[image ALT: Much of my site will be useless to you if you've got the images turned off!]
Bill Thayer

[image ALT: Cliccare qui per una pagina di aiuto in Italiano.]

[Link to a series of help pages]
[Link to the next level up]
[Link to my homepage]

Ara et Aedes Neptuni

 p360  Articles on pp360‑361 of

Samuel Ball Platner (as completed and revised by Thomas Ashby):
A Topographical Dictionary of Ancient Rome,
London: Oxford University Press, 1929.

Neptunus, ara: an altar of Neptune in circo Flaminio, the sweating of which is mentioned by Livy (XXVIII.1.4) among the prodigia of 206 B.C. The same prodigium, however, is related by Cassius Dio (fr. lvii.60) in words that imply a real temple (ἱδρῶτι πολλῷ αἵ τε θύραι τοῦ Ποσειδωνίου καὶ ὁ βωμὸς ἐρρύη), and it is probable that such a temple did exist at that time (see below).

Neptunus, aedes, delubrum: a temple of Neptune in circo Flaminio mentioned on an inscription of the Flavian period (CIL VI.8423: Abascanti Aug. lib. aedituo aedis Neptuni quae est in circo Flaminio), and without doubt by Pliny (NH XXXVI.26), who states that a famous group by Scopas of Neptune, Thetis, Achilles, the Nereids and Tritons, Phorcus and his crew, sea-monsters, etc., was in delubro Cn. Domitii in circo Flaminio. A coin of Cn. Domitius Ahenobarbus (RE V.1331, No. 25), struck between 42 and 38 B.C. (Babelon, Monnaies I.466, Domitia 20, BM Rep. II.487.93), represents a tetrastyle temple with the legend Nept. Cn. Domitius M. f. Imp. This indicates that the temple was vowed at least between 42 and 38, but it may not have been built before 32, when Domitius had been reconciled to Augustus and held the consul­ship. The group of Scopas he probably brought from Bithynia, his province. The day of dedication of this temple was 1st December (Fast. Amit. ad Kal. Dec., CIL I2 p245, 335). To this temple also have been held to belong the parts of a frieze that were preserved (though this is no proof of their provenance) in the Palazzo Santacroce and are now in Paris and Munich  p361 (cf. however Martis, ara). In style and execution this frieze belongs to the second half of the first century B.C., and it evidently surrounded either an altar or, more probably, a pedestal, in the temple. This pedestal may well have been that on which Domitius placed the Scopas group. Part of the frieze represents a lustratio of the army of the period before Marius, and probably was a memorial of the victory of the great-grandfather of the builder of the temple, who was victorious over the Celts on the Isère in 121 and censor in 115 (for the discussion of these reliefs, and their bearing on the date of the temple, see Furtwängler, Intermezzi, Berlin 1896, 35‑48; Brunn, Bayr. Sitz. Ber. 1876, 342‑344; S. Sculpt. 33‑38; ScR I.10‑14;º Mon. Piot, 1910, xvii.147‑157; AR 1909, 77‑82; OJ 1910, 95‑101; AD iii.12). Remains of substructures and of six columns of a pycnostyle temple, belonging without much doubt to this temple of Neptune, have been found north-west of the Piazza S. Salvatore (BC 1873, 212‑221, pl. VI; Bursian's Jahresb. 1873, 787‑789).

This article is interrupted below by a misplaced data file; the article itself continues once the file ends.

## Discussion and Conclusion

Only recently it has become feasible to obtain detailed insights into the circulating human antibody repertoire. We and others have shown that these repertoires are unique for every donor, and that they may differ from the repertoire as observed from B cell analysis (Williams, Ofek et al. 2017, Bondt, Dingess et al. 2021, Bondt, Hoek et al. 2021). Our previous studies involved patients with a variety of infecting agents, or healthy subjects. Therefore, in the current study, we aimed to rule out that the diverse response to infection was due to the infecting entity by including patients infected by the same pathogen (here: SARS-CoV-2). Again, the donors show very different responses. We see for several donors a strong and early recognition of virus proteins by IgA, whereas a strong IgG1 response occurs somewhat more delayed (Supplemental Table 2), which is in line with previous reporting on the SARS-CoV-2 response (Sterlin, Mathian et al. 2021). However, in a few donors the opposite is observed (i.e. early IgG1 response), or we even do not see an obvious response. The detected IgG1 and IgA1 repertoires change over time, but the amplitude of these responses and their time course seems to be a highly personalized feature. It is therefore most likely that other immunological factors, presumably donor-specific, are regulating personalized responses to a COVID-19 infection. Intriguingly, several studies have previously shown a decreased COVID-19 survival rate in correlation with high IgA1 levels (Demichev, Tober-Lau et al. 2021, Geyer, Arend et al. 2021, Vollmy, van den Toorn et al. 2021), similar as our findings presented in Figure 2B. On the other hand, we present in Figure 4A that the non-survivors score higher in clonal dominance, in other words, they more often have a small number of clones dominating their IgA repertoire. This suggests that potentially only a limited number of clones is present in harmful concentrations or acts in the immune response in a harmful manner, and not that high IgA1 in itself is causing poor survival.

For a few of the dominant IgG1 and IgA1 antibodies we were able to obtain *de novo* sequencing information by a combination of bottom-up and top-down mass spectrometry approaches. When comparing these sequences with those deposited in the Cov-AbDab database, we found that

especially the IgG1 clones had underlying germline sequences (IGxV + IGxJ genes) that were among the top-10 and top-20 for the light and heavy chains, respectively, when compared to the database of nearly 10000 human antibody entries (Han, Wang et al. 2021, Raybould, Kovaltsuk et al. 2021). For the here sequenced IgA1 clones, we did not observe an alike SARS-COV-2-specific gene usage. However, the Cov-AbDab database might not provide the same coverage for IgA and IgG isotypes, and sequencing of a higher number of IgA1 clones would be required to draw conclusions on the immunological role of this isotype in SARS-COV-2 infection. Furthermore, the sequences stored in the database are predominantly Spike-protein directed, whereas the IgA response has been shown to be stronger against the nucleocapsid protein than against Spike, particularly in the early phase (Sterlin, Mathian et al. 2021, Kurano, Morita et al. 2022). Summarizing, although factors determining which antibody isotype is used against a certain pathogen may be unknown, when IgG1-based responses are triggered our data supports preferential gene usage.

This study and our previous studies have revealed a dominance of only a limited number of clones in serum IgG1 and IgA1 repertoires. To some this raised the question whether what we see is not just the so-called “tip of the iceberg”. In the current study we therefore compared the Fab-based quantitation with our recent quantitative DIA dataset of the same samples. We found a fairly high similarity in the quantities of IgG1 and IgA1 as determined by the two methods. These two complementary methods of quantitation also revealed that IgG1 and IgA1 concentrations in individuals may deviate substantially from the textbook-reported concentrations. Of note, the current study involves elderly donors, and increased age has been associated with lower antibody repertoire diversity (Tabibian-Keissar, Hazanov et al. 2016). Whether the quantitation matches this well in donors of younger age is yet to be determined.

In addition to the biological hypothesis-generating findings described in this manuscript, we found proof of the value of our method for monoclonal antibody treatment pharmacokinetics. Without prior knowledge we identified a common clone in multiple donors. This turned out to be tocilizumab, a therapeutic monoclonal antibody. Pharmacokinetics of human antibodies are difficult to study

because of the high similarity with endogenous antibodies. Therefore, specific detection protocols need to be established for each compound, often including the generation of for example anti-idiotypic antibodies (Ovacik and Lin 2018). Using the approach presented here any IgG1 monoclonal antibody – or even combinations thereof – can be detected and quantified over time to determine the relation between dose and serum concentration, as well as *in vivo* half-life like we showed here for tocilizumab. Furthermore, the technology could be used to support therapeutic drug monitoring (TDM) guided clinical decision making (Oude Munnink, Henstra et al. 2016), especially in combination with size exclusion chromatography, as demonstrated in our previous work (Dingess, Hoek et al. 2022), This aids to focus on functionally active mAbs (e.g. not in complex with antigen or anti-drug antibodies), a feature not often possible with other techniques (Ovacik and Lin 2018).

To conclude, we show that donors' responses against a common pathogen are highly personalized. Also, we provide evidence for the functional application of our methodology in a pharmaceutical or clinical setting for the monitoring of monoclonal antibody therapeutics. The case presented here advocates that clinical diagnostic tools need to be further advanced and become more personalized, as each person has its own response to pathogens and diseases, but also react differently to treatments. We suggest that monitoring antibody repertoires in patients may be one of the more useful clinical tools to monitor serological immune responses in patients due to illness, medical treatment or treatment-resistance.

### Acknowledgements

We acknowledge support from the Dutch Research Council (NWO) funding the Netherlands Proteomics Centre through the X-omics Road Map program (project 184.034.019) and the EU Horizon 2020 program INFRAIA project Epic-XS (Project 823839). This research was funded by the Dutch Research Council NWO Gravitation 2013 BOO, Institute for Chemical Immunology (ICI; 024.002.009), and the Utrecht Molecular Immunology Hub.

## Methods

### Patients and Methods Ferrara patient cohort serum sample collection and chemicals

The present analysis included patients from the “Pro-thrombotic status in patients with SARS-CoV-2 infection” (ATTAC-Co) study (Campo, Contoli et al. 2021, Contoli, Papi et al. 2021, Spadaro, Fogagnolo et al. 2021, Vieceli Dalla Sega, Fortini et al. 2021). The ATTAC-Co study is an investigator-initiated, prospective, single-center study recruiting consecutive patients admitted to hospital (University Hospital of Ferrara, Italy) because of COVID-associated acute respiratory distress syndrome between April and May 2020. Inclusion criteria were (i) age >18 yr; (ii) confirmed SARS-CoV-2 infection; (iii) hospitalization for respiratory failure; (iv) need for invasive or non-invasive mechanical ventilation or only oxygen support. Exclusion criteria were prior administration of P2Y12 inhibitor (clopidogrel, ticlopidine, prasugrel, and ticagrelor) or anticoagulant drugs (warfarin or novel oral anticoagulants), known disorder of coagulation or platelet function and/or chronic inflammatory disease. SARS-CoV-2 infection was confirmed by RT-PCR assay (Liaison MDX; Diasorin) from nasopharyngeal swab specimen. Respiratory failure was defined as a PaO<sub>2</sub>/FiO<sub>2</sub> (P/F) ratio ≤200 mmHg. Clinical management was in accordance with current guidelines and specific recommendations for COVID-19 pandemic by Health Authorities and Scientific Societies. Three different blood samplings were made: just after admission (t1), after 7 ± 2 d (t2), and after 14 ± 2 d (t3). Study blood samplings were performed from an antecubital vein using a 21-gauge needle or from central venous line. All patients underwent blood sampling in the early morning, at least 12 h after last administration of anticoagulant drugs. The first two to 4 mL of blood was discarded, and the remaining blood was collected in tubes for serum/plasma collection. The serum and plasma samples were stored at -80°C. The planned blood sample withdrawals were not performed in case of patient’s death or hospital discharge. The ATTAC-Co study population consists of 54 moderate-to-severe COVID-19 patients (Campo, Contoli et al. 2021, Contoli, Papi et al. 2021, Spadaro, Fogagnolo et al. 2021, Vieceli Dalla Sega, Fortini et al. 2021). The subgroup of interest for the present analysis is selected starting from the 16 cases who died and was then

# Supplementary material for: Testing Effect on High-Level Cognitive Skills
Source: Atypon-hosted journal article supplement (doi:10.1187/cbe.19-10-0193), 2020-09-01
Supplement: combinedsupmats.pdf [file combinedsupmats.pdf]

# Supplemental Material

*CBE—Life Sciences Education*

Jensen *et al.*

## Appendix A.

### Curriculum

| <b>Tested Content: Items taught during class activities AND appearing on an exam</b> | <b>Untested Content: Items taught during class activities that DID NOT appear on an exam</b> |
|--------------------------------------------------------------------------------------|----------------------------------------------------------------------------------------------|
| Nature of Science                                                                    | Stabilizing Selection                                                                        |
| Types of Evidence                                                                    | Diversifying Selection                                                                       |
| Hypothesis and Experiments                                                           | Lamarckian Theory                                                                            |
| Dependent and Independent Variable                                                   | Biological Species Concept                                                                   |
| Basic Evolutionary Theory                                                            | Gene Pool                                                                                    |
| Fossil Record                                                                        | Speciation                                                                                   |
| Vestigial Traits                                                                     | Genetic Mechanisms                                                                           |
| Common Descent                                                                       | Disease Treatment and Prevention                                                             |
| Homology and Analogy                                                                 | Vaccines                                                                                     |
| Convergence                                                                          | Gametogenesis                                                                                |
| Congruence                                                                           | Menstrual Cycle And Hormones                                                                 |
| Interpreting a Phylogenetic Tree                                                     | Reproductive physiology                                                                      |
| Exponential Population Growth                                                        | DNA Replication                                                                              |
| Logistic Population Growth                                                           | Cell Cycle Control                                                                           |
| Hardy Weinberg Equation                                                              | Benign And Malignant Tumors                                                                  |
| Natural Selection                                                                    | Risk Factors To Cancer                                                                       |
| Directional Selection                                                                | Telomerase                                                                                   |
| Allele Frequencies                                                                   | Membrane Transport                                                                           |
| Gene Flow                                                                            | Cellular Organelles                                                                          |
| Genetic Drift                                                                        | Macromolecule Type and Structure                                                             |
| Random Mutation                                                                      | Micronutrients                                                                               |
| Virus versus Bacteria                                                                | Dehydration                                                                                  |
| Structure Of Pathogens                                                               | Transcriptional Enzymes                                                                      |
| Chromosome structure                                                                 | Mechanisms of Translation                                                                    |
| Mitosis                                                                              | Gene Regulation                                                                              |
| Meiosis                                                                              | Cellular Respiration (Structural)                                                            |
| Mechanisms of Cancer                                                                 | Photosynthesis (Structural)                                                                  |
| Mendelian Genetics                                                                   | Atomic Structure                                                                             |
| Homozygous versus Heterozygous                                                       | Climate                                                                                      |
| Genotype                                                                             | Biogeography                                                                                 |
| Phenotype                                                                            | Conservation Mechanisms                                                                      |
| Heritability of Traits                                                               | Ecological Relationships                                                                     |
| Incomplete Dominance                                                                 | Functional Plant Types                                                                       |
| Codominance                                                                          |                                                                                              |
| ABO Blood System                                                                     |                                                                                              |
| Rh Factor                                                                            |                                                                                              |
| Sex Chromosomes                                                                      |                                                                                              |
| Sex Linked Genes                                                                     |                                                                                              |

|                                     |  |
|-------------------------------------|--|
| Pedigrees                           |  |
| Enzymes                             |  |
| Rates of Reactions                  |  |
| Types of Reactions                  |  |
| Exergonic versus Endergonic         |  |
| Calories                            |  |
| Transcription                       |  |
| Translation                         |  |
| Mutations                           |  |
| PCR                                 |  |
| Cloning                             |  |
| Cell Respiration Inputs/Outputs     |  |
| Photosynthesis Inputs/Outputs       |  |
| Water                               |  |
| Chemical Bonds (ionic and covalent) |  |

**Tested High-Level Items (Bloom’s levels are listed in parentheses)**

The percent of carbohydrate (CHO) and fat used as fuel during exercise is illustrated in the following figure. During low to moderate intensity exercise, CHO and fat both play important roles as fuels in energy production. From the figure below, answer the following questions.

It is impossible to determine whether Domitius built an entirely new temple, or restored that which previously existed in circo Flaminio (see Ara Neptuni above; HJ 522‑523; WR 227; Rosch. III.203‑204; Gilb. III.89, 90).

Neptunus, templum: see Basilica Neptuni; Divus Hadrianus, Templum; Porticus Argonautarum.

[image ALT: Valid HTML 4.01.]

Page updated: 26 Apr 01